Jazz Music Finds A Home At Suburban WDCB-FM

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Posted by chicagomedia.org on April 05, 2009 at 18:46:03:

WDCB, jazz advocacy find a home in suburbia

By Howard Reich | Tribune critic

April 5, 2009

Welcome to Chicago's top jazz radio station -- in bucolic Glen Ellyn.

That's right, a music that long has epitomized the gritty urban experience finds its mightiest broadcast champion not in the Loop or on the South Side or in Uptown (spots where jazz has thrived for roughly a century) but deep in DuPage County, of all places.

For more than 20 years, and with rising prominence in the last few seasons, public radio WDCB-FM 90.9 has championed jazz over Chicago's airwaves. With 100-plus hours a week now devoted to the music and a signal that reaches past Lake Forest to the north, Joliet to the south and DeKalb to the west, WDCB looms large in a music not typically associated with life in suburbia.

Nevertheless, when Chicago Public Radio's WBEZ-FM 91.5 dropped most of its jazz programming two years ago, WDCB -- owned and operated by the College of DuPage -- instantly became top dog. Moreover, the station steadily has deepened its commitment to the music and watched its ratings surge, notwithstanding its remote ZIP code.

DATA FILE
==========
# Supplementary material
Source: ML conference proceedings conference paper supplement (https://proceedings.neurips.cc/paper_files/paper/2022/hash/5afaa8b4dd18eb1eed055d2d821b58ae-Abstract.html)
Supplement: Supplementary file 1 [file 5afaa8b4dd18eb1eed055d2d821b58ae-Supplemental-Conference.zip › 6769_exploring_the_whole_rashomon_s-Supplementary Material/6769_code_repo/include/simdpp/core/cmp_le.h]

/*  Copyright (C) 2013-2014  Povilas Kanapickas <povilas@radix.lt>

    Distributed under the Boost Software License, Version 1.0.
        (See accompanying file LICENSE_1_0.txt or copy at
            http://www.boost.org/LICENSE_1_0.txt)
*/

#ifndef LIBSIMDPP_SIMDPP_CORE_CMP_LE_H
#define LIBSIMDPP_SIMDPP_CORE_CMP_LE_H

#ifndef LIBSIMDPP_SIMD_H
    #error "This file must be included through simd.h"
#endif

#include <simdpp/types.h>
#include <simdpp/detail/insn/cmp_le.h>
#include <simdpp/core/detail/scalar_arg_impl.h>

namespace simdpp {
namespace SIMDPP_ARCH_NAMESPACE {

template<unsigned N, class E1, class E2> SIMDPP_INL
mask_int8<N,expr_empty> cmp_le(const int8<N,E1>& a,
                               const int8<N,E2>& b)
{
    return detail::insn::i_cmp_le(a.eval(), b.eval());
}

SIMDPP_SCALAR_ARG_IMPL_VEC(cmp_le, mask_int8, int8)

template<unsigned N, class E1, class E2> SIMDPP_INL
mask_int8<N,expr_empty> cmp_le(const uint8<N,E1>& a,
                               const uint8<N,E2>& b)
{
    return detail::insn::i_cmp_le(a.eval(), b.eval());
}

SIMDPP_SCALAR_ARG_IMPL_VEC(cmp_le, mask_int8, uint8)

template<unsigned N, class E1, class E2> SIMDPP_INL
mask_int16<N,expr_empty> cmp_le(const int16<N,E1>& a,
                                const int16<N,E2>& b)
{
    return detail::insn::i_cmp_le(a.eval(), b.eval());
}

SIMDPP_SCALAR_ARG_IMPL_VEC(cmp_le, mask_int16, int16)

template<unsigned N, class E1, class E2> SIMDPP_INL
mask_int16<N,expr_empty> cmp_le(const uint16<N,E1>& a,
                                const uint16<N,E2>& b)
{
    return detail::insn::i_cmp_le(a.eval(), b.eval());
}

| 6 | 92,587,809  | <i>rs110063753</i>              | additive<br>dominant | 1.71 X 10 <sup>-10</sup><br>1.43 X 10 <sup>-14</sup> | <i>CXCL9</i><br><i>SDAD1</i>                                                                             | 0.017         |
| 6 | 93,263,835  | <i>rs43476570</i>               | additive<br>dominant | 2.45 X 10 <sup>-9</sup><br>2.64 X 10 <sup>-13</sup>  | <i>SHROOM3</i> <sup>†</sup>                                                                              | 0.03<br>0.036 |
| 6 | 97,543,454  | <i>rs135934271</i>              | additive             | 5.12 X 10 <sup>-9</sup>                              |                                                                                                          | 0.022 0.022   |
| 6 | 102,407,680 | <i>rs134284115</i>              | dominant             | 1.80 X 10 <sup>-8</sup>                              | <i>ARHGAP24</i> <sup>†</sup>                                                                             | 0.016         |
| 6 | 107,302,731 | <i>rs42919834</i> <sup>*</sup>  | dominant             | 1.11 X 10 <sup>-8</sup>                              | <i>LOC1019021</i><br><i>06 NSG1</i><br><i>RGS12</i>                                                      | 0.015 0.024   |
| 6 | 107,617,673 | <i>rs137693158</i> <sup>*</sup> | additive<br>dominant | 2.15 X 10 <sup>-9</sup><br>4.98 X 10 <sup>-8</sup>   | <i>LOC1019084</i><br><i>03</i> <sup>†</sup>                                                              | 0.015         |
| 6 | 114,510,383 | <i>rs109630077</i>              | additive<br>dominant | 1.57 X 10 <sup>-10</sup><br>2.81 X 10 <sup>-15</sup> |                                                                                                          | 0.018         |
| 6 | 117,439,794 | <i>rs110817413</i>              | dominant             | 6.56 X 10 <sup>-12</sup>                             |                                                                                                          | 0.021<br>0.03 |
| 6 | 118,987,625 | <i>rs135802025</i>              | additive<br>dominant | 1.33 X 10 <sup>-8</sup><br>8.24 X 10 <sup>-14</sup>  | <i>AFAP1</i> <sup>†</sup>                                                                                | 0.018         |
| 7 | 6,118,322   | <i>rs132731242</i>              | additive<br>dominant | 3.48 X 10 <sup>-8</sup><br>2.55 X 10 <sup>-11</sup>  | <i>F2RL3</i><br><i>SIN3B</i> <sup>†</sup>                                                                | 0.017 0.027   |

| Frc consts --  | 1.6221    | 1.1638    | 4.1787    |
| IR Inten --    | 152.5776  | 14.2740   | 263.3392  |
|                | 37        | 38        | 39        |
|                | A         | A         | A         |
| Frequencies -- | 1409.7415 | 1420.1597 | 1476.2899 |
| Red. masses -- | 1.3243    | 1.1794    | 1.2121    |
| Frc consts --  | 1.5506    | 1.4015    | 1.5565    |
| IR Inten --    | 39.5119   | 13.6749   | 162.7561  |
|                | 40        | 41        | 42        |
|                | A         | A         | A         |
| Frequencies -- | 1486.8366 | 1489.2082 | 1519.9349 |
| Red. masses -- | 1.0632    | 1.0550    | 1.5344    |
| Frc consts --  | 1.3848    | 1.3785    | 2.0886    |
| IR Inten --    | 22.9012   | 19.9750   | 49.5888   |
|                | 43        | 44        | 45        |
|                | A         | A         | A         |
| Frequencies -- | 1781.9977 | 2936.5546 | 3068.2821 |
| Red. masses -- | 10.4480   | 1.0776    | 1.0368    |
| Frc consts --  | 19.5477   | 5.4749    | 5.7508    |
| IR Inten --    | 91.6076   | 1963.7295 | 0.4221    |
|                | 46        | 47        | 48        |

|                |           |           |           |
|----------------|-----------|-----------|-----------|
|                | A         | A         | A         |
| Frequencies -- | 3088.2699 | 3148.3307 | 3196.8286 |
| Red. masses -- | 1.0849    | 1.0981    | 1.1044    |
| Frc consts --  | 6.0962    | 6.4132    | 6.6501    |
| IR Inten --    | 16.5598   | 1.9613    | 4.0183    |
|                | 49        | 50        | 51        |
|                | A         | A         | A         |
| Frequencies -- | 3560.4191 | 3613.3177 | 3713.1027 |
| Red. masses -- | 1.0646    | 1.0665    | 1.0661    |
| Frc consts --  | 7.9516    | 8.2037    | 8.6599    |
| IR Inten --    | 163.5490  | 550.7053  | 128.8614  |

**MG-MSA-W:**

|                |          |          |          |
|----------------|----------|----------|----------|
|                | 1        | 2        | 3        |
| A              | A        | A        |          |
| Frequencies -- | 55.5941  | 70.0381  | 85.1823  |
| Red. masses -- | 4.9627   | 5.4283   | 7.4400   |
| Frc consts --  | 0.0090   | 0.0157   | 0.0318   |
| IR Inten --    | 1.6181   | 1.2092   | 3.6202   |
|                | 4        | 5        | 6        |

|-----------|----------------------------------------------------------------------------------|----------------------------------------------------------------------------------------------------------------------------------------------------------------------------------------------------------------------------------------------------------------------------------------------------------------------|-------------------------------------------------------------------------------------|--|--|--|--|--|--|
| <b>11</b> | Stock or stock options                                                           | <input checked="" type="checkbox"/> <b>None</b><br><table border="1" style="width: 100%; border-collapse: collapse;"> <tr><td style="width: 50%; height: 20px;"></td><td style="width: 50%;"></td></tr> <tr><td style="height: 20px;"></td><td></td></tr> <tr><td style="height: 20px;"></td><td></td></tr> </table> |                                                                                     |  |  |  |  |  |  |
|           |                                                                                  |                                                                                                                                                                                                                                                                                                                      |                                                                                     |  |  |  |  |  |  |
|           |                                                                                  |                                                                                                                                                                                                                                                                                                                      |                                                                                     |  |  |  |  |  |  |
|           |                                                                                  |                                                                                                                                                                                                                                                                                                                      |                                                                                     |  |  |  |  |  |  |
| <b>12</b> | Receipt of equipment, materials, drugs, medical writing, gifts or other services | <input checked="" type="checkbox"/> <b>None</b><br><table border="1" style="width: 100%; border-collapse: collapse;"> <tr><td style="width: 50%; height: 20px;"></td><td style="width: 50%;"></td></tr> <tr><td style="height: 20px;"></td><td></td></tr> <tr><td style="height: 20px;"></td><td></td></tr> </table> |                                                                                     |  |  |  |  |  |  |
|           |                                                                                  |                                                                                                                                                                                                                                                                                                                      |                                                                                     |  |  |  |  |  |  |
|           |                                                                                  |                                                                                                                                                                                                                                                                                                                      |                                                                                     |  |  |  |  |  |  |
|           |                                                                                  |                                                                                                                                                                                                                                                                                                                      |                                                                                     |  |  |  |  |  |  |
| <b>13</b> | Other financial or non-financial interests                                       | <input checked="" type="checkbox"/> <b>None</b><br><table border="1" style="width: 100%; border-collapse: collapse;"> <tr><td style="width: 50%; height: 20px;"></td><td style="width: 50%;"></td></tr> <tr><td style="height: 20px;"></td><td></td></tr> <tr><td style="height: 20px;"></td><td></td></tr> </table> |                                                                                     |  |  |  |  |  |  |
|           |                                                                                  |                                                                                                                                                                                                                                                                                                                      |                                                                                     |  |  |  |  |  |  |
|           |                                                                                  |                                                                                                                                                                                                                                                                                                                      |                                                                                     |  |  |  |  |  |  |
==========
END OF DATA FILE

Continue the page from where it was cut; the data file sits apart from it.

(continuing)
"Our geographic location has little to do with our love of jazz," says Ken Scott, WDCB marketing director and arguably its most visible public face (thanks to uncounted promotional appearances at jazz festivals, club sets and you name it).

"Ask listeners if they think less of us because of where we're located," adds Scott. "They're just happy to have the jazz."

That's putting it mildly.

"What would we do without it?" asks Jazz Showcase founder Joe Segal, whose radio hums with the sounds of WDCB even as he's speaking.

"We listen all the time," says Geraldine de Haas, president of non-profit Jazz Unites Inc.

"They're it, baby," says Lauren Deutsch, executive director of the non-profit Jazz Institute of Chicago.

Though other stations -- such as Northwestern University's WNUR-FM 89.3 and the University of Chicago's WHPK-FM 88.5 -- also offer segments of jazz programming, neither devotes nearly so much air time to the music nor reaches as wide a geographical swath as WDCB.

As marketing director Scott unblinkingly puts it, "We are Chicago's jazz station."

Well, yes and no. Even if WDCB dominates locally in broadcasting jazz, a few issues prove difficult to overlook.